What Do Mortgage Lenders Look For?

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Buying a home is an exciting step, but it can also feel very overwhelming, especially if it’s your first time buying a home or you just aren’t sure what to expect throughout the mortgage loan process. Lenders look at your overall financial profile when reviewing your mortgage application, not just your credit score. It’s important to know what other factors mortgage lenders look for so you can know where you stand when applying for a mortgage loan.

Character

Your overall credit behaviors are an indicator of your financial character and will help lenders determine your individual risk factor. Beyond your credit score, a lender will look at your full credit report and analyze the following:

  • Credit Applications: Lenders will check to see if you’ve recently applied for other loans or credit accounts. Several new applications close together looks risky to lenders, so try to make sure you plan ahead and space out your applications.
  • Payment History: Lenders will also check your payments on other loans, credit cards, lines of credit, or any other account on your credit report. Consistent on-time payments look good to lenders, as it indicates you will be a responsible borrower.
  • Negative Marks: Any negative marks on your credit report make you appear risky. These include bankruptcies, foreclosures, delinquent accounts, collections accounts, charged-off accounts, etc. While one derogatory might not be a deal breaker, it can affect your interest rate.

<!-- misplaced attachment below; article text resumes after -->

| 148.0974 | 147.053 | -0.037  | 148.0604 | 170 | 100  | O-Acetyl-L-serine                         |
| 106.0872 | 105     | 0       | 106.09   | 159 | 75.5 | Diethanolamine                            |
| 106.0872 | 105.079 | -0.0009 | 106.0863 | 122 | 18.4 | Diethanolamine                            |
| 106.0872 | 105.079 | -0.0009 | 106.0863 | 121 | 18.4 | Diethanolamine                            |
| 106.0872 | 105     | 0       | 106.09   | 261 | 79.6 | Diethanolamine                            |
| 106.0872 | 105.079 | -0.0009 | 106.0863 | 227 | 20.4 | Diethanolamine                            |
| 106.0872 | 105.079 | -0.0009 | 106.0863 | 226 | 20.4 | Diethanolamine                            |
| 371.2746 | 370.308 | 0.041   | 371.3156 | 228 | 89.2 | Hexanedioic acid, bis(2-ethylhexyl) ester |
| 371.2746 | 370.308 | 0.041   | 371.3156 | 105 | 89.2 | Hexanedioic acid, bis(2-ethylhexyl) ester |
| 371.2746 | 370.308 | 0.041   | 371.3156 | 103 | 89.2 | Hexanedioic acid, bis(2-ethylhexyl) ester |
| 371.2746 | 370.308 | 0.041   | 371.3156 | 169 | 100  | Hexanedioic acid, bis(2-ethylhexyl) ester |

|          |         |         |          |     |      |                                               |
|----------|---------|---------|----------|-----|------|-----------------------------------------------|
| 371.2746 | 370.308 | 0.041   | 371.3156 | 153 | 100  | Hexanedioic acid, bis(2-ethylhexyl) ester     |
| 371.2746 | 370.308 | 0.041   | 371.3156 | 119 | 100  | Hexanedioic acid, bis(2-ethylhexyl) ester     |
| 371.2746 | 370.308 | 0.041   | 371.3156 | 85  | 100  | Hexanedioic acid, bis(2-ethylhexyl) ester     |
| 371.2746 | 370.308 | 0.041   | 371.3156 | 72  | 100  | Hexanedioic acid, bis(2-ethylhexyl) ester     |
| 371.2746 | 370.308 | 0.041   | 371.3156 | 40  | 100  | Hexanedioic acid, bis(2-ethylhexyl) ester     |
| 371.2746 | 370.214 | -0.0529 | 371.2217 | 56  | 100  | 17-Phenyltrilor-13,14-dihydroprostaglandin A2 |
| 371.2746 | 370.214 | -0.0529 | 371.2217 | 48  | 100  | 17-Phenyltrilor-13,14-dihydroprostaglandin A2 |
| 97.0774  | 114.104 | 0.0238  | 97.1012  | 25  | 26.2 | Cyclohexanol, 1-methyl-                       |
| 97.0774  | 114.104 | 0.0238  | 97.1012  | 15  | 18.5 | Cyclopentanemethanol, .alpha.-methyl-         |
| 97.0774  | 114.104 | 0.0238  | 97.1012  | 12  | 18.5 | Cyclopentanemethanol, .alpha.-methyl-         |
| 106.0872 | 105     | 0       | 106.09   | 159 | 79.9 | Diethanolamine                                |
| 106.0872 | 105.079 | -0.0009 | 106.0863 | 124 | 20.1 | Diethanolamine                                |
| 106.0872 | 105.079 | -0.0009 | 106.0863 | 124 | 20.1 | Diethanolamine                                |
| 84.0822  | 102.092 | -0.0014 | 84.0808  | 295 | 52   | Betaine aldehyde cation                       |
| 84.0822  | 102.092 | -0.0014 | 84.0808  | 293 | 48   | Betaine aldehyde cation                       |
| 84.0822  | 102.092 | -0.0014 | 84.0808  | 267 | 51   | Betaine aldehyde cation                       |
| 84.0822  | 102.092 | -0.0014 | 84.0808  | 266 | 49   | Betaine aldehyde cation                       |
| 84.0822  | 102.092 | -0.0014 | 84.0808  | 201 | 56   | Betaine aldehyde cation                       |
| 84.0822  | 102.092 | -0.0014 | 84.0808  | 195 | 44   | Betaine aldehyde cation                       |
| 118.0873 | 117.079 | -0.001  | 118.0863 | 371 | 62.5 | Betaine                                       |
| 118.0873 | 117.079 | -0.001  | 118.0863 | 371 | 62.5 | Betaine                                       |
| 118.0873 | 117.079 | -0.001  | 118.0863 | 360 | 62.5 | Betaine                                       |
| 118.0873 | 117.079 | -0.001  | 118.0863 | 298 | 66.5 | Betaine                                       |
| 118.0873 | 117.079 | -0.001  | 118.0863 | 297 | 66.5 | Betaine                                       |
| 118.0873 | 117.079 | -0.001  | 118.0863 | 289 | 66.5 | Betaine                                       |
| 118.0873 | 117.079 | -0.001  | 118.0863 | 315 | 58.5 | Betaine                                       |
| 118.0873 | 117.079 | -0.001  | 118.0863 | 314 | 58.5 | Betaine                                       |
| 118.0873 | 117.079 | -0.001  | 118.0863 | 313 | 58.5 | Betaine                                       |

• Dispute Statements: Lenders will check for existing or pending dispute statements on your report and may view them negatively. If you have a pending dispute, it’s best to get that fully resolved before applying for a mortgage loan. Lenders want to see the true picture of your credit, without a dispute casting a shadow. Additionally, a pending dispute can delay the mortgage underwriting process.

Capacity

In terms of credit, your capacity indicates your financial ability to repay your mortgage loan, and is calculated by factors like your income and employment. This information is often verified, and lenders may even contact your listed employer, so ensure the information listed on your loan application is accurate. Correct information also helps you have the best chance at being approved for the loan that’s right for you.

  • Income: Your income is a major factor. Lenders view borrowers who have a stable, predictable income as lower-risk, as that makes it easier to know the borrower will be able to make their payments each month.
  • Employment: Even if your income is high enough to qualify you for a great interest rate, lenders may request to review a few months’ worth of pay stubs or review your employment history over the last few years. Lenders like to see proof that your income and employment are stable and consistent. This doesn’t mean you have to have had the same job for the past 5 years, but if your employment is inconsistent or you were recently unemployed, you might not be denied for the loan, but you may be charged a higher interest rate to make up for the lack of stability.
  • Debt to Income Ratio: Lenders use this metric to gauge your level of risk when it comes to taking on new debt. This ratio is calculated by adding the total of all your monthly debt payments (including loan payments, credit card payments, and other monthly financial obligations such as child support or alimony payments), then dividing that total by your monthly income before tax. If your debt-to-income ratio is higher than you’d like it to be, the best way to lower it is by paying off your existing debts. If you feel like your current loan payments are too high, consider a refinance to free up some extra space in your monthly budget.

Capital